Despite Glomar having pedigree as a judicial exception to FOIA, the opinion notes that when the government raises a Glomar defense, it still needs to tether the defense to one of the nine statutory FOIA exemptions. In this case, the government asserted Exemption 7D:

Exemption 7(D) excludes from disclosure “records or information compiled for law enforcement purposes, but only to the extent that the production of such law enforcement records or information could reasonably be expected to disclose the identity of a confidential source … [who] furnished information on a confidential basis.” 5 U.S.C § 552(b)(7)(D).

There was no disagreement over whether the records (if they existed) were filed for law enforcement purposes, which is the threshold requirement under 7D. Instead, the opinion turned on whether there was an expectation that the source (again if it or they existed) who spoke to the government expected the information to remain confidential. Yet as my parenthetical notes that question presupposes that an informant exists:

The difficulty here is that if the Government describes its interactions with a specific source, it would thereby undercut the protection that Glomar provides. In other words, because a Glomar response is meant to obscure the very existence of the source (or attempted source), the Government cannot offer any public statement concerning the confidentiality assurances given to that source (or a statement that no source exists). As the Service persuasively argues, even though the identity of an informant may not be at risk in every case, to protect whistleblowers in cases where disclosure of the existence of records could lead to their identification, it must assert Glomar whenever an informant is involved.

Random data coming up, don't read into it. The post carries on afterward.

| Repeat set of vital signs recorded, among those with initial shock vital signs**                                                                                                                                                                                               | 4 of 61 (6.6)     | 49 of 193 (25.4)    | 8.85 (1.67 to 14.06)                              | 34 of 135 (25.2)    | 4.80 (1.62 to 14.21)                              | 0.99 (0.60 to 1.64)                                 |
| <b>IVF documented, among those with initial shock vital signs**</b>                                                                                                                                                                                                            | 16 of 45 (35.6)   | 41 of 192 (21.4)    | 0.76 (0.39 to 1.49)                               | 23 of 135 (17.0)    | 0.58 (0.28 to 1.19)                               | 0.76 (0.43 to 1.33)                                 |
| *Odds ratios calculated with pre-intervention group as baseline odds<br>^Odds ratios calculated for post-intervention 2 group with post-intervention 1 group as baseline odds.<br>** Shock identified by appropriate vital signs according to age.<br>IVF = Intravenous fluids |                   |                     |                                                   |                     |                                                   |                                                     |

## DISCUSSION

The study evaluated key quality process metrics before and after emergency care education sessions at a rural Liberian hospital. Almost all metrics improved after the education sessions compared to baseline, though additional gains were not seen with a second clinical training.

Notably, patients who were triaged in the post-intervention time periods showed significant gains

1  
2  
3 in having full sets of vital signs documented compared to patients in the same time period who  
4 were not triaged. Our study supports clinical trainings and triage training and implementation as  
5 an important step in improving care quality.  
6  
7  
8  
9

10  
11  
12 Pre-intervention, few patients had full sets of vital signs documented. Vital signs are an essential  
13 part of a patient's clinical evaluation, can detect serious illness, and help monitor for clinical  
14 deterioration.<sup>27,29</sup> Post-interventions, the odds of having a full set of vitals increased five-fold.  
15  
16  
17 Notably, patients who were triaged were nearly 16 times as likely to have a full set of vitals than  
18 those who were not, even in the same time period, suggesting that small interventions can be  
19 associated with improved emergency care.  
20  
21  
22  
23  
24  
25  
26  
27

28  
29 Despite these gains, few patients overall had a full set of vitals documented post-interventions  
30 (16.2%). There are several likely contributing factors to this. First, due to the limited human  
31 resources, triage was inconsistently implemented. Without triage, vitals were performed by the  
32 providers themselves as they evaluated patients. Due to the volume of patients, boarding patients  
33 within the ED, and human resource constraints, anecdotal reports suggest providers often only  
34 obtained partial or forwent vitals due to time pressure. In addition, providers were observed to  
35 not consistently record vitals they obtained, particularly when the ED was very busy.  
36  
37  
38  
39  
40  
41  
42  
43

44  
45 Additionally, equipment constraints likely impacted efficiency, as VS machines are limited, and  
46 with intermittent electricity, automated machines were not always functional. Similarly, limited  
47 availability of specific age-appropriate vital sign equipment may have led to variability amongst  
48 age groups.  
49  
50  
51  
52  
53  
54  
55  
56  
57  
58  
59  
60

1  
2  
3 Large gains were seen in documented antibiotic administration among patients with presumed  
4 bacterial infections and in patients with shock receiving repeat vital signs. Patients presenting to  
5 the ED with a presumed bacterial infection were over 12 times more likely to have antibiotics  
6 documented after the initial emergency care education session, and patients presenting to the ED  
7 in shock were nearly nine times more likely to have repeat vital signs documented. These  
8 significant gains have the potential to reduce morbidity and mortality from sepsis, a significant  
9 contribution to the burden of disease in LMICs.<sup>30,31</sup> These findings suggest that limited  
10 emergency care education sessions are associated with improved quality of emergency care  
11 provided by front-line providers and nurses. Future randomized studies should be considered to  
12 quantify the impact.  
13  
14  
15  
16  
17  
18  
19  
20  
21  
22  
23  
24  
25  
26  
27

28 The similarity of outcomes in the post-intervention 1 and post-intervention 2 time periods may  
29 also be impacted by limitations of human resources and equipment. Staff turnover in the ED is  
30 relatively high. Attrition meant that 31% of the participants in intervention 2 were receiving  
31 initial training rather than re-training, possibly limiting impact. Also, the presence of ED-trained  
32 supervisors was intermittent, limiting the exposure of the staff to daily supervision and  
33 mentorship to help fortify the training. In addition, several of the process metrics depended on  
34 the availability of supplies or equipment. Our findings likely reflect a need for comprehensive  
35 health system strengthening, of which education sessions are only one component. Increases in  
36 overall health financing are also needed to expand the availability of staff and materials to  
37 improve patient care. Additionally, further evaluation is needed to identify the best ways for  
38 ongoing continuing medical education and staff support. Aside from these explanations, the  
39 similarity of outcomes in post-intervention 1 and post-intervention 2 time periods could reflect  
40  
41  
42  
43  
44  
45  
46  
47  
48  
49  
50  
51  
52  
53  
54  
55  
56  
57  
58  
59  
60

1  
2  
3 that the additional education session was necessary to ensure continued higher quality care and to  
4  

The opinion nicely frames how the court must consider not only the content of the documents but the possible harm arising from revealing the very existence of the documents:

For example, in a situation where there is only one suspected whistleblower, the Service’s affirmative or negative response to a request for certain forms would either confirm or refute the suspicion. Either the documents exist, in which case the identity of the informant could be apparent even if the IRS does not release anything, or they do not. Even though the non-existence of records does not implicate a harm cognizable under Exemption 7(D), the IRS can only protect against the damage that confirming such records would engender by asserting Glomar in all situations.

This suggests a robust role for asserting Glomar in the context of FOIA requests seeking information relating to informants. Yet the opinion notes that Glomar is not a blank check for the IRS in these cases, as the government must offer a public explanation why the exemption applies and then provide for in camera review to allow a district court judge to confirm the agency’s conclusions before it will allow Glomar to swat away the FOIA claims.